The Piece Park was very nice; monuments and bells where erected everywhere. However the main attraction, the cenotaph and the eternal flame (which will only be put out once all nuclear weapons have been destroyed), was out of bounds due to the Dalai Lama making a speech. I walked around the perimeter of the condoned off area listening to what he had to say; apparently he's saying that the time for talking about eradication of nuclear weapons was over and it was time for action, action from governments to destroy their nuclear weapon programs I found this a little ironic as here he was talking about the removal of nuclear weapons, when he himself was saying that it was time to stop talking. Now I will probably be put on some 'hit squad list' for saying this but, as I listened to the Dalai Lama speak he sounded an awful like Master Yoda … it's true I tell you, I had to stop myself from laughing.
As I couldn't get to the cenotaph I headed to the Hiroshima Piece Memorial Museum which cost 50 yen (about 30p) to enter. I was all geared up for a museum visit and so, with loads of English to read, I prepared myself for a long and information packed session. The museum was well laid out, there were very definitive sections. The first second was about the history of Hiroshima right up until 8:15am on the morning of the 6th August 1945. The second section was a non-bias view of what happened with both the American points of view and Japanese being displayed on monitors. In-between these monitors where two circular models of Hiroshima before, and after, the bomb hit … needless to say that a lot more work was needed on the before model.
After this I headed upstairs to a section about Hiroshima's stance on the removal of all nuclear weapons on the planet. This section did start to get a bit dull with, I think, the museum repeating itself. It was very hard to keep my concentration levels up and read all the information; eventually I did skip a bit. The most interesting bit was that whenever a nuclear test happens, anywhere in the world, the mayor of Hiroshima sends a letter condoning the act to that countries leader, asking the country to think again (Ha … I bet that'll make Kim-jong-un quake in his boots).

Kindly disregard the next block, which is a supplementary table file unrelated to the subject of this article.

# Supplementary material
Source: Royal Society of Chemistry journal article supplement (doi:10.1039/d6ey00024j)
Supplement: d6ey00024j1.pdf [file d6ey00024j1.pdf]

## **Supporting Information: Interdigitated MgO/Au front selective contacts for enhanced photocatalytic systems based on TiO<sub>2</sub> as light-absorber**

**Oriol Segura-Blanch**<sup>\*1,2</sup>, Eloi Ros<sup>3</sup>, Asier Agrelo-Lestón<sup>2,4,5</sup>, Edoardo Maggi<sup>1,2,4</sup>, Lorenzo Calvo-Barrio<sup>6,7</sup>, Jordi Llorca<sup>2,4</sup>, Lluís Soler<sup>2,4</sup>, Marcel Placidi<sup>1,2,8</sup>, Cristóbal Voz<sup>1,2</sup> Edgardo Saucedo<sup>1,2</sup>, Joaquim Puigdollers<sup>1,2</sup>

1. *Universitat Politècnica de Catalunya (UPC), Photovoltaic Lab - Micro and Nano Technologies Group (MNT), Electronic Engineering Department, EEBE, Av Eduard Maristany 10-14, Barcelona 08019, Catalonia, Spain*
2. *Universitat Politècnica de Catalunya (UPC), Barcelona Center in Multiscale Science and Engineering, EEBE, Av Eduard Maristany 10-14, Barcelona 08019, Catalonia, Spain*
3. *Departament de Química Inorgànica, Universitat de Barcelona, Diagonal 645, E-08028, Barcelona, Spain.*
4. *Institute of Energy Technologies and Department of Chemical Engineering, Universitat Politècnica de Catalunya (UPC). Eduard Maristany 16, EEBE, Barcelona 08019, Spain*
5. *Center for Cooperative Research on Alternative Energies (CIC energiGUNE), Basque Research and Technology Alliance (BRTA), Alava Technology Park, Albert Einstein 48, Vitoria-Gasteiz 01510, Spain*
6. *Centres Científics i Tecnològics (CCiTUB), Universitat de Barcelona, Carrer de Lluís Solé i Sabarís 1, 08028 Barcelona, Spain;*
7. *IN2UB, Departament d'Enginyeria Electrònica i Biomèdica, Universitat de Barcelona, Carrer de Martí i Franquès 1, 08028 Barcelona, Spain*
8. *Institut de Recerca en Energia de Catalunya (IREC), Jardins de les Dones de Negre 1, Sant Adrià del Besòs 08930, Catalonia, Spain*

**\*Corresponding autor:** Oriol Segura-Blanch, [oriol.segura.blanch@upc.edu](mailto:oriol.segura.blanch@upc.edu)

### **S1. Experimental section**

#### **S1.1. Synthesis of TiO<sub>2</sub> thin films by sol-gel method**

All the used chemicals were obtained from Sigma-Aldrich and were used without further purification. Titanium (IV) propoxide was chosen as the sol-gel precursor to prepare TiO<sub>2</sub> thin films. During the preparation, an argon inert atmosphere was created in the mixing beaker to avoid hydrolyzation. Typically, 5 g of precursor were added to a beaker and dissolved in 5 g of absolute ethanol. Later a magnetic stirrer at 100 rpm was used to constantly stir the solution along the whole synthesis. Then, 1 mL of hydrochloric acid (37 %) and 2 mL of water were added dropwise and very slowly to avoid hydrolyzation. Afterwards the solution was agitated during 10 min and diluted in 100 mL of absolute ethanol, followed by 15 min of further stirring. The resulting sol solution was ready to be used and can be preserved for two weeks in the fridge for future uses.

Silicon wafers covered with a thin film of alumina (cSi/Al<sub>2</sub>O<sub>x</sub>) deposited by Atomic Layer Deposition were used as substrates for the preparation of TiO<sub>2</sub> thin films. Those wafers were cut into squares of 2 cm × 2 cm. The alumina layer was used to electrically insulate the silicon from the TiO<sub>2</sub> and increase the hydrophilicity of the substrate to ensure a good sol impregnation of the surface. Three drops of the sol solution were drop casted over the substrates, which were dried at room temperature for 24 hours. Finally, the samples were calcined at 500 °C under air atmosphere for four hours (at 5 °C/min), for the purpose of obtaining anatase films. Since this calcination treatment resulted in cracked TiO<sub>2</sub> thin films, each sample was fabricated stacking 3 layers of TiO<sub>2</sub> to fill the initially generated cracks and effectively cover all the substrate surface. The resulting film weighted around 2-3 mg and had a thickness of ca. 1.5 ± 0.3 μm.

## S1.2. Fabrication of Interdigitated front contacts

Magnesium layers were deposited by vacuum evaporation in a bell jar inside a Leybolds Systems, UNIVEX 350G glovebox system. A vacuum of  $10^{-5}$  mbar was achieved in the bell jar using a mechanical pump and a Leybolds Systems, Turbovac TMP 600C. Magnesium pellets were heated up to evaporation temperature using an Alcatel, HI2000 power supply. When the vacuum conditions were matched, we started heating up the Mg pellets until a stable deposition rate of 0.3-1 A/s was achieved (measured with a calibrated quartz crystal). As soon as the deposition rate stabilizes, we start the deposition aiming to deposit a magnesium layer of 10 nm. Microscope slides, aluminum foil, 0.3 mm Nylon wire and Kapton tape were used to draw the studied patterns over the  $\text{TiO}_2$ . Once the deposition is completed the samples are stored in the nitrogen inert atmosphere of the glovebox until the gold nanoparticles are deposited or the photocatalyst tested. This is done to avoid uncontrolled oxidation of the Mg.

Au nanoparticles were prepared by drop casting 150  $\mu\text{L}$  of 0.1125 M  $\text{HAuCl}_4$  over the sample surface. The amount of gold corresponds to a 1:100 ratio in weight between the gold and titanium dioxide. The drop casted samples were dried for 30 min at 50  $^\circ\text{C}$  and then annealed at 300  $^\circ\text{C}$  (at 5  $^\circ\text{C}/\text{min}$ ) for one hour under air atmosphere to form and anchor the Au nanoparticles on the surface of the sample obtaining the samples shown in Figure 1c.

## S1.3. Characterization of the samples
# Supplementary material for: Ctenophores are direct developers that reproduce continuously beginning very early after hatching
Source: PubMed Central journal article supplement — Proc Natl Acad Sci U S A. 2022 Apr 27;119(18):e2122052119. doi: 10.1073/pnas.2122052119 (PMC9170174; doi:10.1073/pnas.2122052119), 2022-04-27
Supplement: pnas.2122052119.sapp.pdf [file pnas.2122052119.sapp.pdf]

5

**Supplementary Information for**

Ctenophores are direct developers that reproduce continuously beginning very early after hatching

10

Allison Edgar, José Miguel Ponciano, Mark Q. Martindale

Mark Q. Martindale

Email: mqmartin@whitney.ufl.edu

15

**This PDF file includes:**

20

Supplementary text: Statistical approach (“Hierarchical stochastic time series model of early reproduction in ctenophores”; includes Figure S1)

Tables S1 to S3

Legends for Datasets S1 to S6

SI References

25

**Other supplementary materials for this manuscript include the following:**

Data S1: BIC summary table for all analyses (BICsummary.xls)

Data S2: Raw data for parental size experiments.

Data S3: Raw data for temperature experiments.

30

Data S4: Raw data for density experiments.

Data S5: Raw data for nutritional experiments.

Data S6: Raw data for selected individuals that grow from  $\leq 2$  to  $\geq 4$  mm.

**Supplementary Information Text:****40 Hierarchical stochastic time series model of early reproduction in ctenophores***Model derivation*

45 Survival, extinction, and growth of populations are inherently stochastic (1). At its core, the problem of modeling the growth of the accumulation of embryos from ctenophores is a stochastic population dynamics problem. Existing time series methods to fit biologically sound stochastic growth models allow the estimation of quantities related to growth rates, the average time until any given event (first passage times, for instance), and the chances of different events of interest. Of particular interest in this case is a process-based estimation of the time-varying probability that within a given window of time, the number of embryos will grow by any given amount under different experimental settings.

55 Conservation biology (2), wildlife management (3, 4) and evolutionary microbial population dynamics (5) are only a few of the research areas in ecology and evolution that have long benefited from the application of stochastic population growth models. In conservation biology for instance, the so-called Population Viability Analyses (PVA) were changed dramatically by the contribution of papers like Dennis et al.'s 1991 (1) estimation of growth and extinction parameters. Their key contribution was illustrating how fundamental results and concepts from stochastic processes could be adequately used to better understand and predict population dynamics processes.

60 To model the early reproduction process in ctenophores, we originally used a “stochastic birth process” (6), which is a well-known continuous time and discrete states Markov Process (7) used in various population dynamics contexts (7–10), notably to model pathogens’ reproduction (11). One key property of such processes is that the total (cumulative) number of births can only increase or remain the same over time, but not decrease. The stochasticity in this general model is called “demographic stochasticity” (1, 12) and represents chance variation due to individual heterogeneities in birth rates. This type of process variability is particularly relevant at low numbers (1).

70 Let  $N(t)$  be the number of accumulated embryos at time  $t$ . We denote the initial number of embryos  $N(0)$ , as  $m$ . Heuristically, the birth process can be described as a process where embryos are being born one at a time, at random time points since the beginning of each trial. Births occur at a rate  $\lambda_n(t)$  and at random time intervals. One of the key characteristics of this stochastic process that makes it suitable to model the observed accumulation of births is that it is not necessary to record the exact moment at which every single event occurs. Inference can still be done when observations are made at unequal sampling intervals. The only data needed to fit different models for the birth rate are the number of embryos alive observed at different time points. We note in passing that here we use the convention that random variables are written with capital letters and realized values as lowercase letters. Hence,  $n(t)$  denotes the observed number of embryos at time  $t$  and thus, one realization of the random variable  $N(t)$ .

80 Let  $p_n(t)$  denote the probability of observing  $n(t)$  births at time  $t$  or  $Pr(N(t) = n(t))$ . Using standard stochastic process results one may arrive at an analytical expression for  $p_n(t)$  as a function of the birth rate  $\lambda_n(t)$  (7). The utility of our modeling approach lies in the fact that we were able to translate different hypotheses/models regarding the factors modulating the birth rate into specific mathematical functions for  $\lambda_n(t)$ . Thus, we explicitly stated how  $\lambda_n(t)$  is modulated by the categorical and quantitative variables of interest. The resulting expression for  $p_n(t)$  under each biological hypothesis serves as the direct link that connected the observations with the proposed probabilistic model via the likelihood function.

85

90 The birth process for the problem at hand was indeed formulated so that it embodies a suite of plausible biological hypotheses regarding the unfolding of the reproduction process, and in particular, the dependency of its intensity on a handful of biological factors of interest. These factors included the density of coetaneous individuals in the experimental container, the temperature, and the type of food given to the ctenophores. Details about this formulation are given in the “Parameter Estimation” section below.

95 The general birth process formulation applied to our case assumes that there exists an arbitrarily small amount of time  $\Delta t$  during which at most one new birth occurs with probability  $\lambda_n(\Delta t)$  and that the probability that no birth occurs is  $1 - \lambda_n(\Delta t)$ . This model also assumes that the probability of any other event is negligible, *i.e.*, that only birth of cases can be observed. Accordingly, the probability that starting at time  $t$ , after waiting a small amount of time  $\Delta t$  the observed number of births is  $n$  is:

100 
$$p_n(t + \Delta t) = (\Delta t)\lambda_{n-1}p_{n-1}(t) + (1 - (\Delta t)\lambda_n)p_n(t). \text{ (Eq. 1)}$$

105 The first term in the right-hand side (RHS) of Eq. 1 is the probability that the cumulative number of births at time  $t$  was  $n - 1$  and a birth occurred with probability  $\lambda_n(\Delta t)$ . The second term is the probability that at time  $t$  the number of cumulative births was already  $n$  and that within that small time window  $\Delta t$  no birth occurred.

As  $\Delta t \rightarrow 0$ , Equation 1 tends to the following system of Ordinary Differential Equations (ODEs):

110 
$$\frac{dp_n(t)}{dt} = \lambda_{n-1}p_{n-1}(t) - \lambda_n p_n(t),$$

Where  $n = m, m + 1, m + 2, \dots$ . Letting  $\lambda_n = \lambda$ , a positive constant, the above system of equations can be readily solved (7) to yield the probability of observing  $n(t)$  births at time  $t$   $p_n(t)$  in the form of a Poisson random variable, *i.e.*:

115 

The final section was a collection of objects from the blast; it took me a while to refocus and concentrate again. It was quite sad seeing all the photos and burnt clothes but not as horrific as I thought it was going to be. In one glass exhibit, there was a tricycle and a metal helmet, the inscription said that this belonged to a three year old boy who was out playing on his tricycle when the atom bomb hit. When the farther came to bury his son he decided that he was too young to have a normal grave and instead buried him, in his back garden, with the tricycle and helmet that he loved (as that his son could still play with it). After forty years the farther dug up the boys remains and put him in a proper grave … quite a moving exhibit. Another sad fact, whether it was deliberate by the museum I do not now, was that most of the clothes on display where children's. Apparently the Japanese government had adopted a policy of destroying key buildings to stop the spread of fire if a city was bombed. This job was given to the children with Hiroshima (as most the men were fighting and the women were working else where) and most of them where out on duty that day.
The museum was good, however I think that the bit about Hiroshima's crusade to rid the world of nuclear weapons should have been at the end of the exhibit. Where the Americans right to use the Atom Bomb? Yes I think so; put yourself in their shoes, using the bomb saved hundreds of American lives and that is a countries first priority in war. I blame the Japanese government for not accepting surrender terms earlier, however it's easy for me to comment now … hindsight is a wonderful thing.